To: wmfights; Forest Keeper; ears_to_hear
dogmas that are not Scriptural

We just see one such theological flight of fancy, the Heidelberg confession, right here, scandalously unscriptural.

John 3:16 ... ITim. 2:5

These verses do not speak at all to the manner of salvation; they do establish the Catholic concept of salvation through Christ alone. However, Christ also built His Church; -- on the person of Peter. This is the part Protestantism denies, heretically and unscripturally.

48 posted on 11/10/2007 7:27:43 PM PST by annalex (http://www.catecheticsonline.com/CatenaAurea-John2.php)
[ Post Reply | Private Reply | To 43 | View Replies]

To: wmfights; Forest Keeper; ears_to_hear
Why, what the keys are is explained right there in the scripture; you should read it from time to time.

18... thou art Peter; and upon this rock I will build my church, and the gates of hell shall not prevail against it. 19 And I will give to thee the keys of the kingdom of heaven. And whatsoever thou shalt bind upon earth, it shall be bound also in heaven: and whatsoever thou shalt loose upon earth, it shall be loosed also in heaven

The keys are given personally to Peter, they are related to the Church of Christ build on the Peter's person, they will enable Peter to legislate on earth, and Christ promises that whatever Peter legislates on earth Christ will hold in Heaven. What is the subject of the legislation? The passage explains it is twofold: it has to do with defeating Hell and it has to do with opening Heaven. So St. Peter can send peope to Hell, that is, excommunicate them from the Catholic Church; and he can send them to Heaven, that is canonize them as saints; exactly what the popes are doing to this day. It is not a complicated text.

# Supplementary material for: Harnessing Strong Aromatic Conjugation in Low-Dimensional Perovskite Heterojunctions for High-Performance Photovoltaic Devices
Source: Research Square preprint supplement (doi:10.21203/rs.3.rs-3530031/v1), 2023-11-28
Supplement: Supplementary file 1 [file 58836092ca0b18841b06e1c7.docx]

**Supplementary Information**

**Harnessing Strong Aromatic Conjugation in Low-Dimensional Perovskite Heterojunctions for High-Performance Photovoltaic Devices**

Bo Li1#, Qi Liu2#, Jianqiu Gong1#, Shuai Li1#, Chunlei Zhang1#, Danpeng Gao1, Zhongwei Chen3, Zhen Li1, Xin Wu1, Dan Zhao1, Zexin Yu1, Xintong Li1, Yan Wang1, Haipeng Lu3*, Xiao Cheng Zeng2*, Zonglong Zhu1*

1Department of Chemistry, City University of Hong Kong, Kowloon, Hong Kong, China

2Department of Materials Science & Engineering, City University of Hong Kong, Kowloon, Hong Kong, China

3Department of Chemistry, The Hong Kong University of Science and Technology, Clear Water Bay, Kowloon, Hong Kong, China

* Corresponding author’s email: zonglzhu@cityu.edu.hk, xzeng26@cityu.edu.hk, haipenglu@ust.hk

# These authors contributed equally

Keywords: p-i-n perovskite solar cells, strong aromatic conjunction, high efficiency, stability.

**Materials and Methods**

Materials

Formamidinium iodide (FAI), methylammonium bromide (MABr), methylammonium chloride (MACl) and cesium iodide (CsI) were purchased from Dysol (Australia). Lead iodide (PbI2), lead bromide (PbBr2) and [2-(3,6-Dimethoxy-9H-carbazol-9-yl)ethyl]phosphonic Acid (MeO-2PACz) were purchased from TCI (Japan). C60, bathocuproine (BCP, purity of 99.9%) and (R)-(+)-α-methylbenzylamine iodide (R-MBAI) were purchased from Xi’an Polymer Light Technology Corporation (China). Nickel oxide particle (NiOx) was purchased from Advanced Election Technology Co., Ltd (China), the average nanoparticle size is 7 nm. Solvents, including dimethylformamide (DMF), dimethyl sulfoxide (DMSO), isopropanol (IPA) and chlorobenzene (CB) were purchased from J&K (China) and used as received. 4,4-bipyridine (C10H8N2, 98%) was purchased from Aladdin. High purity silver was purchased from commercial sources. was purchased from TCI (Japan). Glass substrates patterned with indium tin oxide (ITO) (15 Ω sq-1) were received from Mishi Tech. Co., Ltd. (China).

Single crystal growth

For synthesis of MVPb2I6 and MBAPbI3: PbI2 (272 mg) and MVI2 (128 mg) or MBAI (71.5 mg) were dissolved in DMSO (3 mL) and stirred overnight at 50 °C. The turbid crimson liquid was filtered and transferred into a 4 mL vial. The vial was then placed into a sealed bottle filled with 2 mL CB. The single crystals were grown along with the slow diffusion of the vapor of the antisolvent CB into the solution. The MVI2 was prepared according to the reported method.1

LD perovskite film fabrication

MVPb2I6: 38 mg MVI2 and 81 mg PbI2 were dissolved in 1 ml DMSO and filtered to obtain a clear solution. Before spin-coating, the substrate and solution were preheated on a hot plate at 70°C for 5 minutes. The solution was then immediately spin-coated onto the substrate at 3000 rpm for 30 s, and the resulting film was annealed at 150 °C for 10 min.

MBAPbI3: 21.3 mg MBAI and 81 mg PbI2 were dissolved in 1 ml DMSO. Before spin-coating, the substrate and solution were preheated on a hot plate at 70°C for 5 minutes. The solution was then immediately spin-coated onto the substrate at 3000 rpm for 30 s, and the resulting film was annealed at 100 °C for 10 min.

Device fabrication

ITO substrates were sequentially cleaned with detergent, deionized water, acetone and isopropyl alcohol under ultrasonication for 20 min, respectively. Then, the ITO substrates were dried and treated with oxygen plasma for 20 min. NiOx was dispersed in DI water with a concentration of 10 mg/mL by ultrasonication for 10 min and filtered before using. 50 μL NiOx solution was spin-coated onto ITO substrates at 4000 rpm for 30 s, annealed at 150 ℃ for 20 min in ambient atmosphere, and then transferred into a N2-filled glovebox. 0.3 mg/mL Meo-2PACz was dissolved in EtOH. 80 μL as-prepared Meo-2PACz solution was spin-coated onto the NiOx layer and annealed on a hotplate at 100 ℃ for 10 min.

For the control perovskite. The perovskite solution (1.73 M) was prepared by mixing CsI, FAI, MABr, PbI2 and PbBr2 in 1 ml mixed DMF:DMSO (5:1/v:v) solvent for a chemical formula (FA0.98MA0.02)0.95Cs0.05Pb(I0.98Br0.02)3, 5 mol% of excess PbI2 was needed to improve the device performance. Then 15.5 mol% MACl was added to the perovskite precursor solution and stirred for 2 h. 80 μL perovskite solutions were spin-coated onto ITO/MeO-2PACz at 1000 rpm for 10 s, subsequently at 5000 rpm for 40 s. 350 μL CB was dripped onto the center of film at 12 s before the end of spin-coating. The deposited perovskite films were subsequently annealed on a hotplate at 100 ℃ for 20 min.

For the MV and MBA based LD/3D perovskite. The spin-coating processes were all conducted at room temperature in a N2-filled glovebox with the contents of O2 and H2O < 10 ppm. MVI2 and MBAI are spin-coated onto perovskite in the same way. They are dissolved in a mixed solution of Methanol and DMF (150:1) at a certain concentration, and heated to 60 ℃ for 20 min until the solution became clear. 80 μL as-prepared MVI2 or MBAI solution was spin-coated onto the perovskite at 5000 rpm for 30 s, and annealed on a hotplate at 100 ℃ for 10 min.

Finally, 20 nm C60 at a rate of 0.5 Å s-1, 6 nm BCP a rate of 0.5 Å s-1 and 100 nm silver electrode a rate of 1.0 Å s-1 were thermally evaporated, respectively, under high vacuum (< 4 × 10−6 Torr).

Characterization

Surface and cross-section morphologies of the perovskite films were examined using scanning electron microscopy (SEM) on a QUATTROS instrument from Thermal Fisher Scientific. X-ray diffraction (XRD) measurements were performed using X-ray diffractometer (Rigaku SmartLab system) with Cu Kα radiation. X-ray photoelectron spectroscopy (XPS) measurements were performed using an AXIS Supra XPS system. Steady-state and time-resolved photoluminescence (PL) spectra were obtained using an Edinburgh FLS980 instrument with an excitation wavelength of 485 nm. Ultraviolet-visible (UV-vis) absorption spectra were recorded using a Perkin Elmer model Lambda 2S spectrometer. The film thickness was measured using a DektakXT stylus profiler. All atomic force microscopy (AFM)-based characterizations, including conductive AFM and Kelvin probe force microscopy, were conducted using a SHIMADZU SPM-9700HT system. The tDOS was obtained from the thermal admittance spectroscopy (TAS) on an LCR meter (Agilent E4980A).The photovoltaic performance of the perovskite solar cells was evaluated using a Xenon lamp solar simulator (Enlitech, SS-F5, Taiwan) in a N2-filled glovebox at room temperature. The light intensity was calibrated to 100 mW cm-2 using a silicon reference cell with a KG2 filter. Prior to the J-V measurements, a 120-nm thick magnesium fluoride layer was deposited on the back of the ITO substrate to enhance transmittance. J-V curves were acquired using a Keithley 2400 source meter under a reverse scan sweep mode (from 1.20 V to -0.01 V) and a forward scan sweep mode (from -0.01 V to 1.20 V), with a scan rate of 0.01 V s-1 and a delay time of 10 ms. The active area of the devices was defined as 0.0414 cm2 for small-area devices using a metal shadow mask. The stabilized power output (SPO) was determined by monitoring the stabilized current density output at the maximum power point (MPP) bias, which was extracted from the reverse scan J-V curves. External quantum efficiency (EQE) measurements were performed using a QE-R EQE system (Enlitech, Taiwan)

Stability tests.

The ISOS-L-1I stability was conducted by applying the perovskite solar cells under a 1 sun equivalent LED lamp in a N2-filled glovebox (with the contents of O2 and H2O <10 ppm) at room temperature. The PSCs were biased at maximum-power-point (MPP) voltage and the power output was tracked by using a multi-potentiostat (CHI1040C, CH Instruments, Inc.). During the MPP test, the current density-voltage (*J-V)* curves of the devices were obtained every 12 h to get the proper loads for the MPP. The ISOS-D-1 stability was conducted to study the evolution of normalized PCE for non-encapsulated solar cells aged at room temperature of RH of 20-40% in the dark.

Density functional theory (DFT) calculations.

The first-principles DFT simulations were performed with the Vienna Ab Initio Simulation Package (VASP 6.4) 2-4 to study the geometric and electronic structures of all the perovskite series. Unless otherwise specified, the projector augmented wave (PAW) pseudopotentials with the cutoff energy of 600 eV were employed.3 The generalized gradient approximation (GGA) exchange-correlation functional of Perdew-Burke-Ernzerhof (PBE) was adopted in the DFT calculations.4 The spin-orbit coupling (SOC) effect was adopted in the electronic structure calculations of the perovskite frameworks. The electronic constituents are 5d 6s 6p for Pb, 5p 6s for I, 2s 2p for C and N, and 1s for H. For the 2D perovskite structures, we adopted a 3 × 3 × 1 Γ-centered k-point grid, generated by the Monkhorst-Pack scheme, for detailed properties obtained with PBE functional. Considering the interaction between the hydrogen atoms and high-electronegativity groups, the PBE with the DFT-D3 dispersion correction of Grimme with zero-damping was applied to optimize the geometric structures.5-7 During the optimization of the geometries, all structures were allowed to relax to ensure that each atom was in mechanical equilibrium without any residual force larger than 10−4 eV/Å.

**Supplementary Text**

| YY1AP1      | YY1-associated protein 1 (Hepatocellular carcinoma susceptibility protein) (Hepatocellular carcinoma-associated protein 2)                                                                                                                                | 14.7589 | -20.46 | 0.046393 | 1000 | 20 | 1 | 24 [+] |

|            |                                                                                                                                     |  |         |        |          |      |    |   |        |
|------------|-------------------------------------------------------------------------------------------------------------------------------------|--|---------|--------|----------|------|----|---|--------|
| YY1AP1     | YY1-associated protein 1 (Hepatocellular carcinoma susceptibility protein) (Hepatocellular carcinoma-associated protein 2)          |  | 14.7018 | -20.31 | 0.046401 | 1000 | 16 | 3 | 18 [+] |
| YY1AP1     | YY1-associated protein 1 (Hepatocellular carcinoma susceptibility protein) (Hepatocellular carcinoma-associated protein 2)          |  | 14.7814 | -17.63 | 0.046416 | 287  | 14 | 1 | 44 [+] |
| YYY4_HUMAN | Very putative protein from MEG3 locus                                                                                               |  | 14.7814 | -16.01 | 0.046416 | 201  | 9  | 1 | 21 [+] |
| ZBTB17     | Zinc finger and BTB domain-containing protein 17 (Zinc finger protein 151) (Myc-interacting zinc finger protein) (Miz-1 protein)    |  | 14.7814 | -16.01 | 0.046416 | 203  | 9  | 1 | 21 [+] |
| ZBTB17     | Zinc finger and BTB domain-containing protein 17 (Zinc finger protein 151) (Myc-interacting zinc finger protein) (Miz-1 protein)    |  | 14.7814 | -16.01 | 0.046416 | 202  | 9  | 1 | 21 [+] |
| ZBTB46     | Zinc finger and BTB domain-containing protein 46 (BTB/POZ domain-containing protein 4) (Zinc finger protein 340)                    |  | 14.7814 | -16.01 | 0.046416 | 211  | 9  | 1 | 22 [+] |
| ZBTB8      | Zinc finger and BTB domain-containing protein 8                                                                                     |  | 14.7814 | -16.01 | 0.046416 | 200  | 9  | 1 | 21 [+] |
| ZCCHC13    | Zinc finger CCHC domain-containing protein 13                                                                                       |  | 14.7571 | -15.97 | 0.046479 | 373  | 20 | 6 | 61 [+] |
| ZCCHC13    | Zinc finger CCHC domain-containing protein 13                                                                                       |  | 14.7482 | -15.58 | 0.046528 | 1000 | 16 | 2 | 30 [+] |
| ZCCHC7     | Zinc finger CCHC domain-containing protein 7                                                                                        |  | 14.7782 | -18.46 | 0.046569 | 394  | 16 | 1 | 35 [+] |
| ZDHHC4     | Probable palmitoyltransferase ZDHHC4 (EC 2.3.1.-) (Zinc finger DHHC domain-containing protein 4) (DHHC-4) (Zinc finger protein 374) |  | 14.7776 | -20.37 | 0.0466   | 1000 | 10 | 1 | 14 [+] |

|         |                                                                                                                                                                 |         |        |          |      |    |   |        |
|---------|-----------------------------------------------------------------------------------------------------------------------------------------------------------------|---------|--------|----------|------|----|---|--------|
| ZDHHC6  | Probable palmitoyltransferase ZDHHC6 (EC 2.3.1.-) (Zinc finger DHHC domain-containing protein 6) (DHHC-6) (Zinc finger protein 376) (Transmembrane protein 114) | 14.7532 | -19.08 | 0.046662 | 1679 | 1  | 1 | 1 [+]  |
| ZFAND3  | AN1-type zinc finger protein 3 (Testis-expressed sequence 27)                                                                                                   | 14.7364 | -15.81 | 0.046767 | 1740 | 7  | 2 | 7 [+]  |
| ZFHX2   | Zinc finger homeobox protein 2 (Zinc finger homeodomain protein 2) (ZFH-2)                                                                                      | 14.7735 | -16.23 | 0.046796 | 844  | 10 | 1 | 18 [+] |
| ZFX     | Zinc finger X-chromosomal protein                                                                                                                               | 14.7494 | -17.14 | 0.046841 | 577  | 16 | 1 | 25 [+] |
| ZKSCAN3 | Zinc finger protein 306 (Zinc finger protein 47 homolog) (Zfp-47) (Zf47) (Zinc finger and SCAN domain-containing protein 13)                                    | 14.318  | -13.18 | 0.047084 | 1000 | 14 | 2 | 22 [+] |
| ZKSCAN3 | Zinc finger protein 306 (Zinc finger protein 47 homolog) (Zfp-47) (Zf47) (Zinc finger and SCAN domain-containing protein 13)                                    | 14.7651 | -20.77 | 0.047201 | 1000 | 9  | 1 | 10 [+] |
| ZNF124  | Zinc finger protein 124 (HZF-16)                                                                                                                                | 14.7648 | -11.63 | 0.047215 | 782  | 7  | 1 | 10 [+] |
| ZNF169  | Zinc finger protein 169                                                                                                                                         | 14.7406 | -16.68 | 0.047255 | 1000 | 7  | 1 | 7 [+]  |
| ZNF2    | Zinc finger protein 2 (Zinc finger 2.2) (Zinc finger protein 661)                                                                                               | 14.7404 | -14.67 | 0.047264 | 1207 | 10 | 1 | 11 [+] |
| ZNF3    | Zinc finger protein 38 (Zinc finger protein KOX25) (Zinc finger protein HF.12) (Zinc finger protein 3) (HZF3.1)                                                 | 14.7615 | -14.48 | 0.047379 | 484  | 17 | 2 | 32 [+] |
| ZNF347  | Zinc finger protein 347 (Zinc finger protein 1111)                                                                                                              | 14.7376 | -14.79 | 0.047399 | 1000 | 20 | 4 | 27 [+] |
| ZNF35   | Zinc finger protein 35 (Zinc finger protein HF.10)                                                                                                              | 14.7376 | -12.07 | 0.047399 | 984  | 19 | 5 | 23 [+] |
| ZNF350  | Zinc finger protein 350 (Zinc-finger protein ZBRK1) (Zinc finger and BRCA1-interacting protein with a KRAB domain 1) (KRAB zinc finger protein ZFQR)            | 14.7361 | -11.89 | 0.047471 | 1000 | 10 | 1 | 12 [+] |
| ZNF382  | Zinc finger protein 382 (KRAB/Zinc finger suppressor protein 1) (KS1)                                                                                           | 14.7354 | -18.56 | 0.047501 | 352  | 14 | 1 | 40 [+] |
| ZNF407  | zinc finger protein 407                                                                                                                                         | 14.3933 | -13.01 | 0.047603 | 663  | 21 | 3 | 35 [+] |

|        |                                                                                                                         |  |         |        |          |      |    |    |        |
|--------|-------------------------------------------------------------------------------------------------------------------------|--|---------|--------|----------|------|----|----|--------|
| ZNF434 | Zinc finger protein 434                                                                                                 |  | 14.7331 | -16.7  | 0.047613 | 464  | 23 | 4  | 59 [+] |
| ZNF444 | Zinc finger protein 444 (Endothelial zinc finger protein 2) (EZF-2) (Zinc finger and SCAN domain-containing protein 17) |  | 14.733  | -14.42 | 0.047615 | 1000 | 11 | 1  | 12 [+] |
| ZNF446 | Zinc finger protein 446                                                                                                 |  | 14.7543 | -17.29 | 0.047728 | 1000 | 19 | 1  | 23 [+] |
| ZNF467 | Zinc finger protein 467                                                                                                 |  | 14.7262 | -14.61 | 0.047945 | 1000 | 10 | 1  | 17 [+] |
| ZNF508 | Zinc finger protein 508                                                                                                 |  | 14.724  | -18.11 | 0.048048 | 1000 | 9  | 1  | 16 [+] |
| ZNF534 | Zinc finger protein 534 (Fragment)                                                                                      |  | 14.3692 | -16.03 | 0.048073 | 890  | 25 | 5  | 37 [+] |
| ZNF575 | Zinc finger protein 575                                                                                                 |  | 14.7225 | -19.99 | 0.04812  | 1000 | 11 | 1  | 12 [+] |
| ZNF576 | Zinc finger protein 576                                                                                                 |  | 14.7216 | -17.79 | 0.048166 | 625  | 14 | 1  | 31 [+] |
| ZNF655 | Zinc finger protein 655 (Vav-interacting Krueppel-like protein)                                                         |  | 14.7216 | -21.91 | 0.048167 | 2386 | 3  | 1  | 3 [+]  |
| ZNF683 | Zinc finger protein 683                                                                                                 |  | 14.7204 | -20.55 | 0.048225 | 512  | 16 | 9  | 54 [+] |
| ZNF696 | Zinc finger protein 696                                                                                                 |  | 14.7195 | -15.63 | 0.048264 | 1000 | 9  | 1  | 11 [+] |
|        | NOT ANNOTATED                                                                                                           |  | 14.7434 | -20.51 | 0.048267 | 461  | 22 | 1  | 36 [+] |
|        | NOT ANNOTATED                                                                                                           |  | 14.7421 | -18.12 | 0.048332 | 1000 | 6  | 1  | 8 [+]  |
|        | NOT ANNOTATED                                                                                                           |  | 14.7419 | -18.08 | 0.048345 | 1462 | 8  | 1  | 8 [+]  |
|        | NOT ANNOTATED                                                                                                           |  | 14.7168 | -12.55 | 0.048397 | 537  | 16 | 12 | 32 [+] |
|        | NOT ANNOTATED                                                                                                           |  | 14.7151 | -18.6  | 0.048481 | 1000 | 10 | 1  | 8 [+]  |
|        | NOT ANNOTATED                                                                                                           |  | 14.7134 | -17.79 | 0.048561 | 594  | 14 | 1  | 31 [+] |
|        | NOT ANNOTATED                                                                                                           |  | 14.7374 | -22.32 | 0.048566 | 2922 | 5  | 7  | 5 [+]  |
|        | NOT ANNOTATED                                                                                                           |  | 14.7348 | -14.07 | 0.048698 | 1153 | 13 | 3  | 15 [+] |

49 posted on 11/10/2007 7:35:48 PM PST by annalex (http://www.catecheticsonline.com/CatenaAurea-John2.php)
[ Post Reply | Private Reply | To 45 | View Replies]

To: annalex; ears_to_hear; wmfights
I, frankly, don't know how it would work today, but what if today the Pope would preside? No questions many things changed around the papacy through its 2,000 years of history.

I could be wrong, but my understanding is that the council that recognized the infallibility of the Pope (in certain circumstances) applied it retroactively to all prior Popes. Therefore, I "think", the primacy of the Pope would be something "always and everywhere believed by the Church". That doesn't match the council we're talking about in Acts.

In fact, this is from New Advent under the subsection: (1) The Pope's Universal Coercive Jurisdiction: